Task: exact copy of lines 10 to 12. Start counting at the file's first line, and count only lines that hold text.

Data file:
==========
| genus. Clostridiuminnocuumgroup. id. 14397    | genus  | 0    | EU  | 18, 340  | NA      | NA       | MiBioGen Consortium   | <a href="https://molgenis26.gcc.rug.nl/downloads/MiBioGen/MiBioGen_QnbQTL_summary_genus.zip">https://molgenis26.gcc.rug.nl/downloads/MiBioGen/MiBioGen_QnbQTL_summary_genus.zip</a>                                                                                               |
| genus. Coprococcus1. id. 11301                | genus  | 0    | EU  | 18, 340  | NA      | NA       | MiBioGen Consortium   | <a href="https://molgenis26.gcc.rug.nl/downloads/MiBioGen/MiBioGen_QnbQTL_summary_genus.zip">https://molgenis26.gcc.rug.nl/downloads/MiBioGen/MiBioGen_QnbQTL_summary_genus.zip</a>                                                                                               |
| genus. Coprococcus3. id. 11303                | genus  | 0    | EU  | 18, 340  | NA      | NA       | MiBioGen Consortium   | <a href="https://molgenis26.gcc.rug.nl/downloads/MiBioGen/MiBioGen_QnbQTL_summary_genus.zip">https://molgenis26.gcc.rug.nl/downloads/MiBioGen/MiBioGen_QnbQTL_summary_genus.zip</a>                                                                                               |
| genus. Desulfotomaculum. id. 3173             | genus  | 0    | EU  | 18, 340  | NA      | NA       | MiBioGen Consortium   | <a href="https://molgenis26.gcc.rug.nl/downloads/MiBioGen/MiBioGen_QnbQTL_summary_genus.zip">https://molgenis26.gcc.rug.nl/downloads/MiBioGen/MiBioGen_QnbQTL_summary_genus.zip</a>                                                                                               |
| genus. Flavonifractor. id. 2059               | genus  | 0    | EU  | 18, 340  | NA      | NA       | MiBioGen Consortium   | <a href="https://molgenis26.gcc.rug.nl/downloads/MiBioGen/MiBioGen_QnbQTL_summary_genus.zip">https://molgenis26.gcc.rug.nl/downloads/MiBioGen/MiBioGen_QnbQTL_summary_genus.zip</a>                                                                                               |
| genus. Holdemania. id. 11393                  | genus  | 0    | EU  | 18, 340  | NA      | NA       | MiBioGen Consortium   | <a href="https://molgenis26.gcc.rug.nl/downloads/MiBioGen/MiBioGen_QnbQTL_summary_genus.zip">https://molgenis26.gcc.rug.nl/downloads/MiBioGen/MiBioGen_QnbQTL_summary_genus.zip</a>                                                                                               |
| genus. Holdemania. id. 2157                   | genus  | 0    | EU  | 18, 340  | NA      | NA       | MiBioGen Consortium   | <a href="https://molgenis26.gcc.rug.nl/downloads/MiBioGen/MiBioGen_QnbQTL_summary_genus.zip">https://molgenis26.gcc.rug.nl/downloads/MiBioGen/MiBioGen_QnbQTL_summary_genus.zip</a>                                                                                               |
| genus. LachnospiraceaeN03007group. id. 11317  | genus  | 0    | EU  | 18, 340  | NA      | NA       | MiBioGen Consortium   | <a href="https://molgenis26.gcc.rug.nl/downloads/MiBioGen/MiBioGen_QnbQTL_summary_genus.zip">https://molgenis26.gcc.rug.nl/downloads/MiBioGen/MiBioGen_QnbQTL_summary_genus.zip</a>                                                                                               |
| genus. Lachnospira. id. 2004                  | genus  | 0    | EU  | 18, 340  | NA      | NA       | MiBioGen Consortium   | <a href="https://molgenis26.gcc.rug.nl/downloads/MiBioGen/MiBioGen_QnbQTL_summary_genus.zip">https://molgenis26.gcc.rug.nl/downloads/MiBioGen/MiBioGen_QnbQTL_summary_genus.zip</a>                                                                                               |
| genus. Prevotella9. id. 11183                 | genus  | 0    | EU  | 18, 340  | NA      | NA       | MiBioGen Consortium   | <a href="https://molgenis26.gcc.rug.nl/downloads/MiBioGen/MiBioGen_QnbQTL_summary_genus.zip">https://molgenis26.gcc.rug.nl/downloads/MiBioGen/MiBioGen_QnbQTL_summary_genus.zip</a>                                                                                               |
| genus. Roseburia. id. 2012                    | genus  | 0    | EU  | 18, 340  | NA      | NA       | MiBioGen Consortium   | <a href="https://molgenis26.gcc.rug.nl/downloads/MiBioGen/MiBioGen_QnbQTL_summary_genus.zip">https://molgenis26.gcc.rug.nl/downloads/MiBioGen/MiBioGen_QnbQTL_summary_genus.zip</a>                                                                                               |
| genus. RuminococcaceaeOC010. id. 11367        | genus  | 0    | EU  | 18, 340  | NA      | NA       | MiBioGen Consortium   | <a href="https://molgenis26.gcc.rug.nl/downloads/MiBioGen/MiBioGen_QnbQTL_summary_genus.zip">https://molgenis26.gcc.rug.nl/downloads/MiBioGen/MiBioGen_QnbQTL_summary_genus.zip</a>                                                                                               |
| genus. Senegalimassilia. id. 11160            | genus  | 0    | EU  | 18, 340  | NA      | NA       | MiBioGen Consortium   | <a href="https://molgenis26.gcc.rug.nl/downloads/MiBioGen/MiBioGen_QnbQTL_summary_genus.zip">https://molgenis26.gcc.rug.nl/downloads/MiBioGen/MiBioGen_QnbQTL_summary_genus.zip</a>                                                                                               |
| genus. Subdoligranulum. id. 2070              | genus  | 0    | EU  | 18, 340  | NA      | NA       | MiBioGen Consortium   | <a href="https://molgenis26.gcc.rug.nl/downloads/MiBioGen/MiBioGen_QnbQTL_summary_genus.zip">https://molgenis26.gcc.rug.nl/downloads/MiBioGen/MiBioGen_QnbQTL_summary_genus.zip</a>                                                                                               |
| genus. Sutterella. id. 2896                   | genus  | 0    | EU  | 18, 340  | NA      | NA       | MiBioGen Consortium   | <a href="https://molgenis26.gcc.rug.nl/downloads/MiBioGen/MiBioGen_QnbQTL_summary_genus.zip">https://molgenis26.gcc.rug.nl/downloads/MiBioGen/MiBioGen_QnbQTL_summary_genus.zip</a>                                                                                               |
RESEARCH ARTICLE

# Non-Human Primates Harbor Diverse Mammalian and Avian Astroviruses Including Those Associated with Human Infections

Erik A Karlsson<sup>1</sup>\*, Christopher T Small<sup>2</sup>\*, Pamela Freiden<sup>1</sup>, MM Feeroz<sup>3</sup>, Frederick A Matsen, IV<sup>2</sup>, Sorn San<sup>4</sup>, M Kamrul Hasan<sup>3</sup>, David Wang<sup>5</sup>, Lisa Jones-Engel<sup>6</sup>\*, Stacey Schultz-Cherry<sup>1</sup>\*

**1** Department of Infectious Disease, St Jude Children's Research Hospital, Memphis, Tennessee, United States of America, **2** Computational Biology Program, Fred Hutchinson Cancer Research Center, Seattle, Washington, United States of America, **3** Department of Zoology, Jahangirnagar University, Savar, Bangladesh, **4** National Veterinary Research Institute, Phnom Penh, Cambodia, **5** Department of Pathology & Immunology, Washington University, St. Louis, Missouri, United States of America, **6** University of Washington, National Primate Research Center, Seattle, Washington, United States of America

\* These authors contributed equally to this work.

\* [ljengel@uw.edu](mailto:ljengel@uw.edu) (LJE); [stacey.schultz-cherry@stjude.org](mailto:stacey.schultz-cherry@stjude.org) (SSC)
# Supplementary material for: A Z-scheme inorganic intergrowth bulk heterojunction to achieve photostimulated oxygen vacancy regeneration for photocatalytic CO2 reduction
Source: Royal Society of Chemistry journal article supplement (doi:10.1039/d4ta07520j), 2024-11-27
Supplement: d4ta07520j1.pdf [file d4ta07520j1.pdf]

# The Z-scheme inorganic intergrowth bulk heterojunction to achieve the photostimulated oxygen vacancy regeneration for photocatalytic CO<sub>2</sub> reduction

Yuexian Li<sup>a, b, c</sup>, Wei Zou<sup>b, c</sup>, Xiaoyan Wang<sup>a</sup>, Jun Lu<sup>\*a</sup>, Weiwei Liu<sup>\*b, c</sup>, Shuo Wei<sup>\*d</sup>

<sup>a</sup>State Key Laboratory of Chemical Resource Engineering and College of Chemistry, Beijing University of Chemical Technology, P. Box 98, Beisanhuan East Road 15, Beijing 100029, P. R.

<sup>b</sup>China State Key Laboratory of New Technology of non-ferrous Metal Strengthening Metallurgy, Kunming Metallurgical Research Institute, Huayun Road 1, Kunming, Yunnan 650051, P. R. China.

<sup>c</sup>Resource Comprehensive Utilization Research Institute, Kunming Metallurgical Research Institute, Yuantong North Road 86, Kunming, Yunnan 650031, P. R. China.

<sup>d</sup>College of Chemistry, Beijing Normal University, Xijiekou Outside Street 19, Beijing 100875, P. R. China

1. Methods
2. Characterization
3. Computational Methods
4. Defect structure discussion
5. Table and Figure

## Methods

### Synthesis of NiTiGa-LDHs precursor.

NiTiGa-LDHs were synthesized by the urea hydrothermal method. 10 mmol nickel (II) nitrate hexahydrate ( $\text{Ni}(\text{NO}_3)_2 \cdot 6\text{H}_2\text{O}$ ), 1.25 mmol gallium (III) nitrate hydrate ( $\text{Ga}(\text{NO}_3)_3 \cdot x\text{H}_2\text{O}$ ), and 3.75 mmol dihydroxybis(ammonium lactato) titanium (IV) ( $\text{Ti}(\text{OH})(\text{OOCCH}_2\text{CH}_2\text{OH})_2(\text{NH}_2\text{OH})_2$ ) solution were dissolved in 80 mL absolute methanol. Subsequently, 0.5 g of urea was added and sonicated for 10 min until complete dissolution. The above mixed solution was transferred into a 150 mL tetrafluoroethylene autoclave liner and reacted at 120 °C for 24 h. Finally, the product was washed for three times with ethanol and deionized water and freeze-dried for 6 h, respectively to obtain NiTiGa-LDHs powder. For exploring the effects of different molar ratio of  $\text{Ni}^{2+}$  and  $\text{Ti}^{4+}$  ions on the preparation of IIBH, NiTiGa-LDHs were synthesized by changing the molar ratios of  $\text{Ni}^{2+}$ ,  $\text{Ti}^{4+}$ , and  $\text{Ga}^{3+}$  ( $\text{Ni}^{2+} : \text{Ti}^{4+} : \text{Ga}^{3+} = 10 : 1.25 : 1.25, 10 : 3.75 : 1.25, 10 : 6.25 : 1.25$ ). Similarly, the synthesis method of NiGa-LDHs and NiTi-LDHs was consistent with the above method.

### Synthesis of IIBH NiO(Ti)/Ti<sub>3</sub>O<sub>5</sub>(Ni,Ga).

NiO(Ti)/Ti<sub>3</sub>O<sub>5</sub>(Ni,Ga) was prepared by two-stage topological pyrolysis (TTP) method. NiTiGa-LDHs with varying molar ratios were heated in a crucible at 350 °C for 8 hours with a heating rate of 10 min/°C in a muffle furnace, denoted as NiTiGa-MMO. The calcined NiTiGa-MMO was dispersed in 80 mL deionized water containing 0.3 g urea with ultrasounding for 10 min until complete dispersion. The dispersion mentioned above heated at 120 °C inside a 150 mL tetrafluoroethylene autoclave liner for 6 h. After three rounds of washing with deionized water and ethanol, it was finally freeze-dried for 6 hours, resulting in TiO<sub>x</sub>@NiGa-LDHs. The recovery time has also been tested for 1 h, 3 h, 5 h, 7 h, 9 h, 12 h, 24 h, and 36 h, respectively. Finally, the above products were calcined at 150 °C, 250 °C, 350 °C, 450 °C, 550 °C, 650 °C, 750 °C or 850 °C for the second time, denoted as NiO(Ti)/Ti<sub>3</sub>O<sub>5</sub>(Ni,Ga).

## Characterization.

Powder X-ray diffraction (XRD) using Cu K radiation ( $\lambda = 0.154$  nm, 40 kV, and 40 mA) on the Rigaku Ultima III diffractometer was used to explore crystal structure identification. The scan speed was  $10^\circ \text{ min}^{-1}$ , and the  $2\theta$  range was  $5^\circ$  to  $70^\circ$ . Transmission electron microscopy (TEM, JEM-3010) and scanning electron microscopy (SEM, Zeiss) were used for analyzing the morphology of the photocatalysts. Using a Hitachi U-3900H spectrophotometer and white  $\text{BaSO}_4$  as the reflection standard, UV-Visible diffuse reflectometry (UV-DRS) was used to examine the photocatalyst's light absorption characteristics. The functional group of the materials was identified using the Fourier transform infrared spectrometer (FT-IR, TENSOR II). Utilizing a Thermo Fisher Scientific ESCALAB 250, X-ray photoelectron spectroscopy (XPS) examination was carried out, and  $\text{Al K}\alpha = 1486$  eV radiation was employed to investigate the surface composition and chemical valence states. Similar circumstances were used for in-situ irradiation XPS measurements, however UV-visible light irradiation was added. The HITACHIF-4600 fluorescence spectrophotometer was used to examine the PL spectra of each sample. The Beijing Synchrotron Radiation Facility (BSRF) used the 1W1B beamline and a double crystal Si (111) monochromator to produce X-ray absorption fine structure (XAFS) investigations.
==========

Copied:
| genus. Prevotella9. id. 11183                 | genus  | 0    | EU  | 18, 340  | NA      | NA       | MiBioGen Consortium   | <a href="https://molgenis26.gcc.rug.nl/downloads/MiBioGen/MiBioGen_QnbQTL_summary_genus.zip">https://molgenis26.gcc.rug.nl/downloads/MiBioGen/MiBioGen_QnbQTL_summary_genus.zip</a>                                                                                               |
| genus. Roseburia. id. 2012                    | genus  | 0    | EU  | 18, 340  | NA      | NA       | MiBioGen Consortium   | <a href="https://molgenis26.gcc.rug.nl/downloads/MiBioGen/MiBioGen_QnbQTL_summary_genus.zip">https://molgenis26.gcc.rug.nl/downloads/MiBioGen/MiBioGen_QnbQTL_summary_genus.zip</a>                                                                                               |
| genus. RuminococcaceaeOC010. id. 11367        | genus  | 0    | EU  | 18, 340  | NA      | NA       | MiBioGen Consortium   | <a href="https://molgenis26.gcc.rug.nl/downloads/MiBioGen/MiBioGen_QnbQTL_summary_genus.zip">https://molgenis26.gcc.rug.nl/downloads/MiBioGen/MiBioGen_QnbQTL_summary_genus.zip</a>                                                                                               |